there are legitimate concerns specific to islam that we should be able to talk about without bigotry.
True. There's certainly a lot of actual bigotry around, but in my personal experience the term "Islamophobia" tends to be thrown around a lot by people who don't like criticism of Islam (particularly by Islamists). People like Harris and Hitchens are often branded Islamophobes in order to taint their arguments as racist.
Far be it from me to praise Christianity (or any other religion), but Islam does have features that make it somewhat different from Christianity, in that it is highly politicized at it's core; Mohamed was not just a prophet, but also a political figure and a warlord. Unlike Jesus, he was a ruler who had to deal with the banalities of political life. Because of this, there is no obvious distinction between politics, culture, economy and religion in Islamic life as proscribed by the Quran and the Hadith, making the potential for politicization, fundamentalism and radicalization much greater. The history of Islam is
the history of the politics of the Islamic world. By contrast, although there have been times when the Christian church was a sort of rival of the European political elite, the two have traditionally been at least nominally separate. And a related issue is that, in contrast to Jesus' role as a non-political prophet, Mohamed's modus operandi inevitably came with a lot of violence, and was explicitly expansionist (more on this below). Islam is not pacifistic at it's core.
And there are other issues that render Islam more politicized by default. For example, in Islam, there is no such thing as "original sin". The first and second major sins according to Islam are thinking we as humans are self-sufficient (i.e.: that God is not needed), and idolatry (something, e.g.: money, graven images, pictures of God in human form, taking the place of God). Islam means submission to God (making even Christians and Jews who submit to God technically "muslim"), which is supposed to bring peace by averting these two sins. However, worshiping the law of man over the law of God is a form of idolatry, which is why Shari'a is supposed to always override man-made laws. Additionally, in the time of Mohamed, switching religions was synonymous with switching political alliances, which is why apostasy is seen as treason, to be punished by death (specifically, by burning, since apostates should be treated as if they are already in hell).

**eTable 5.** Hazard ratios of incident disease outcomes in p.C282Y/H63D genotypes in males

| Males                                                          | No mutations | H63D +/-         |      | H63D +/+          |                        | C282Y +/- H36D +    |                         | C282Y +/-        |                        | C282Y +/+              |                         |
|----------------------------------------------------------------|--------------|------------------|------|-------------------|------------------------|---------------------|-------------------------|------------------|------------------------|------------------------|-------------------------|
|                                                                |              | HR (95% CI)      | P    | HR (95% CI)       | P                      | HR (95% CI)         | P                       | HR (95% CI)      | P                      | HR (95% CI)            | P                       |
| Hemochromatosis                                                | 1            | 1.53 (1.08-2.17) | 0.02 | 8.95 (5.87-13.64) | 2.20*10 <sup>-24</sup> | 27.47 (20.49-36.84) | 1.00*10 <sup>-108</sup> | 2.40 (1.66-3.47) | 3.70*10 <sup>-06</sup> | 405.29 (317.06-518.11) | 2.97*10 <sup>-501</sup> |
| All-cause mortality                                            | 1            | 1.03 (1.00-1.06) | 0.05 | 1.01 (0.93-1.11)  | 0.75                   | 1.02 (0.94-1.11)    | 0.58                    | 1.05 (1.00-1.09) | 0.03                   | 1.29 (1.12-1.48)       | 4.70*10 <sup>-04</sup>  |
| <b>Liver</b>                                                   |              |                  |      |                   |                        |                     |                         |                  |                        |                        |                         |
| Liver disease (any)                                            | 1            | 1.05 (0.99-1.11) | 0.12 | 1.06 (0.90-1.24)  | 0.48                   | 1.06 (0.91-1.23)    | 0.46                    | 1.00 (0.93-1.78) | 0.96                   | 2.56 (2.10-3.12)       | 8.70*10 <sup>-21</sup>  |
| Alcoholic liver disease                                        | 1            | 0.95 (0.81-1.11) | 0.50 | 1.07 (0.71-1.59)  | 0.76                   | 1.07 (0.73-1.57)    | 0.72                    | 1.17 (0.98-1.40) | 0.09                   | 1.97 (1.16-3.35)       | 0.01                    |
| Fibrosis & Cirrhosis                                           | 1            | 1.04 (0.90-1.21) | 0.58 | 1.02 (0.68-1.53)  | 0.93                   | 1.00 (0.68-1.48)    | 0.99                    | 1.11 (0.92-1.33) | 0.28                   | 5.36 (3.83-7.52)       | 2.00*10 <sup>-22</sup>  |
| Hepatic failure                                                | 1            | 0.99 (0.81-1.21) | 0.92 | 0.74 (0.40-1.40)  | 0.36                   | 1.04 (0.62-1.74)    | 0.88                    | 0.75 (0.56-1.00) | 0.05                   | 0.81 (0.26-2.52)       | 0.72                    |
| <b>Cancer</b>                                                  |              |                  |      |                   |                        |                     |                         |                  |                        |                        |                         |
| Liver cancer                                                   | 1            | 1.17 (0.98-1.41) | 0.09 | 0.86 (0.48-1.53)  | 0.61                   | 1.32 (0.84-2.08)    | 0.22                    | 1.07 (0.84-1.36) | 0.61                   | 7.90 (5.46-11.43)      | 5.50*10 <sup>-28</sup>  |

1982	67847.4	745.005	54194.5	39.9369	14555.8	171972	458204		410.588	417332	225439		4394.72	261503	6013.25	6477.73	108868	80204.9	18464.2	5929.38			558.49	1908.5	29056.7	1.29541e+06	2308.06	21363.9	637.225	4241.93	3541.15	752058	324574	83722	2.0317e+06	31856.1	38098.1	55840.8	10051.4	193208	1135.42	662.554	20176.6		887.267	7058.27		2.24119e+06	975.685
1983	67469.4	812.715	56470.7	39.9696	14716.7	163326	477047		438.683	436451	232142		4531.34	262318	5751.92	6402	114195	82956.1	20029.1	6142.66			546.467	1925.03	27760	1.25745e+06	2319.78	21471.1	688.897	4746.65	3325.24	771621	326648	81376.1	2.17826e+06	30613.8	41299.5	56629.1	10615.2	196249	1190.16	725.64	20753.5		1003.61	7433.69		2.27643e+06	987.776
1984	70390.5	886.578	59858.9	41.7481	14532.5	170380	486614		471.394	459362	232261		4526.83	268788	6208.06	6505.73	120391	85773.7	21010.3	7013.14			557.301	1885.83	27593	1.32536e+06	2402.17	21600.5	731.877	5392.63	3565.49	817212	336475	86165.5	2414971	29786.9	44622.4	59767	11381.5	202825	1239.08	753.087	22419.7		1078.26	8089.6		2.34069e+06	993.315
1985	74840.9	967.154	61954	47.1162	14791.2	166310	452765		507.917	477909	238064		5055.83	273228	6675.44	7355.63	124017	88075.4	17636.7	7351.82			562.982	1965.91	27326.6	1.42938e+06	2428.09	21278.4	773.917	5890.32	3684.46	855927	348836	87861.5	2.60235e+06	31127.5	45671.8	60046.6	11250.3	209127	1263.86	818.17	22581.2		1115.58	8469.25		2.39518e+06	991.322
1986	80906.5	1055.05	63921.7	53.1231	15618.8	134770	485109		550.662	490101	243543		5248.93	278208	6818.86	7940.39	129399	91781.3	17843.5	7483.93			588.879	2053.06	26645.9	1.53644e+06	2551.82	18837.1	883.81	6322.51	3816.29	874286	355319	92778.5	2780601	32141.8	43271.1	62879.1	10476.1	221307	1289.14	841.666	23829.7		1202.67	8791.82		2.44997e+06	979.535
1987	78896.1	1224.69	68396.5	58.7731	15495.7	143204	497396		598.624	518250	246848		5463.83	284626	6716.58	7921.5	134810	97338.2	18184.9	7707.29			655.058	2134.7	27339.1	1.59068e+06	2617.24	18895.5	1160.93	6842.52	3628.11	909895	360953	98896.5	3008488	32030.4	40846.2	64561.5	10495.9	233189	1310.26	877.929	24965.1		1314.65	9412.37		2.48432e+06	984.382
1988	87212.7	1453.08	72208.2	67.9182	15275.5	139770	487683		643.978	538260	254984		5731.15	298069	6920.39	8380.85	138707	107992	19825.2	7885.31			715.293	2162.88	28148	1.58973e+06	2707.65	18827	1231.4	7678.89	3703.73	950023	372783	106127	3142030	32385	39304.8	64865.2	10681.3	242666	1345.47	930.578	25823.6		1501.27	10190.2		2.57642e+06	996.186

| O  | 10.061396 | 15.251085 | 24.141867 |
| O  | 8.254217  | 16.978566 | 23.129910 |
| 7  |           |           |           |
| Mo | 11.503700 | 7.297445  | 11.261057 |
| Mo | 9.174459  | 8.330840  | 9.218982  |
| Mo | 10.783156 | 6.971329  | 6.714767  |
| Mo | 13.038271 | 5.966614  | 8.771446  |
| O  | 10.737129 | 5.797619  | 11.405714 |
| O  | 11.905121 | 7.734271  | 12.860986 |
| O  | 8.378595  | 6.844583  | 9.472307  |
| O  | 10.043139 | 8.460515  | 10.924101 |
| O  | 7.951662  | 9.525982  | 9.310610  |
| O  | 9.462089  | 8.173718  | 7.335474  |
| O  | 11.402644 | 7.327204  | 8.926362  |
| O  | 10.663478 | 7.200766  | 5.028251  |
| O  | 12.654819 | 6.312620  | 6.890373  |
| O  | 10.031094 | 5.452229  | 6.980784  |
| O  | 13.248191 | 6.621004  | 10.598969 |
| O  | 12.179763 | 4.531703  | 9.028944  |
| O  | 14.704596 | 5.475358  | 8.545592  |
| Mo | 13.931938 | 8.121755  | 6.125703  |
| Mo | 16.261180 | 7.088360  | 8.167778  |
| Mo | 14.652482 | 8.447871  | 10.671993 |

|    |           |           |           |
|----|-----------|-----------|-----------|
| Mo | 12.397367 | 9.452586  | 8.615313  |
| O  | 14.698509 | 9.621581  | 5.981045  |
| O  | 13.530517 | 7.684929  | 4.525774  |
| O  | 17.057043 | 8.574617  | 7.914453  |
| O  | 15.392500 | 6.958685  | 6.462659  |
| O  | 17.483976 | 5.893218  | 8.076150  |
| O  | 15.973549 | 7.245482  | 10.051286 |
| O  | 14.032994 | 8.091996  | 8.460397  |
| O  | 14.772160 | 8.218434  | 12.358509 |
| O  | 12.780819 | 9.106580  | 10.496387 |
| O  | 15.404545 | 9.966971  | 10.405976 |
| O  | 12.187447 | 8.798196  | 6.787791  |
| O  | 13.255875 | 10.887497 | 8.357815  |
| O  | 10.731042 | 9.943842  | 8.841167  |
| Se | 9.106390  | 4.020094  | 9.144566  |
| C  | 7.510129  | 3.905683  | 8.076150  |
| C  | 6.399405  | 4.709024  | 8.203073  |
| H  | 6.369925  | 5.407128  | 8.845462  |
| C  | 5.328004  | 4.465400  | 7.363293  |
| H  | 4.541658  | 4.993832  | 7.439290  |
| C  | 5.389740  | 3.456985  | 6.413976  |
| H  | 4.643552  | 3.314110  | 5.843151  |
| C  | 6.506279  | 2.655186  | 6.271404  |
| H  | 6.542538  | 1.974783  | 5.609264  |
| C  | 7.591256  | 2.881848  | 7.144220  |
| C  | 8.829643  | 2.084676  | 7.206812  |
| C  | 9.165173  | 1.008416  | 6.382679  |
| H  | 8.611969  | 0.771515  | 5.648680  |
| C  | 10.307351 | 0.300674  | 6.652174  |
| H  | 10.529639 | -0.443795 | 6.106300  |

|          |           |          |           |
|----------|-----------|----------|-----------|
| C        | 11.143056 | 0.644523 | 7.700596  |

Another issue is the concept of abrogation. The Quran says that revelations are progressive, so that later verses override earlier ones (just like the revelation of Mohamed overrides that of Moses and Jesus). And Mohamed's life is often taken as exemplary, and to be mimicked as closely as possible, since he was, after all, their prophet. However, the history of Mohamed is one of progressively more violent, aggressive and expansionist behavior. He starts out as a peaceful preacher, but later takes up arms to defend himself, and then finally goes on the offense. He becomes a much more violent, less tolerant person, eventually turning into a warlord. By the principle of abrogation, this means that less tolerant, more aggressive, more expansionist, more violent verses tend to override more peaceful ones. So when Al Qaeda tells the Muslim Brotherhood to go from the Mecca stage to the Medina stage, they are referring to this process of abrogation and telling them to take up arms like Mohamed did during that stage of his life.
And of course, Islam claims to be the final, unalterable revelation (that can't even be properly studied in a language other than Arabic), effectively rendering reformation much more difficult.
Of course, many moderate Muslims find various ways around this, but (imho, from what I've read) it is one of the reasons why Muslims may radicalize more easily than Christians do, and why in many Muslim majority nations there is no clear separation between Mosque and state. Tawfik Hamid describes this in his book Inside Jihad
, where he talks about his own radicalization process. He notes that his Sufi teachers could only offer vague, feel good ideas about peace and loving others, whereas jihadists could point to exact Quranic passages and rely on relatively consistent ways of arguing. That made the Jihadists much more convincing to him, as a young devout Muslim trying to attain religious enlightenment (of course, there's more to it than that; they also use cultish socio-psychological leverage that could have come straight out of Margaret Thaler Singer's Cults In Our Midst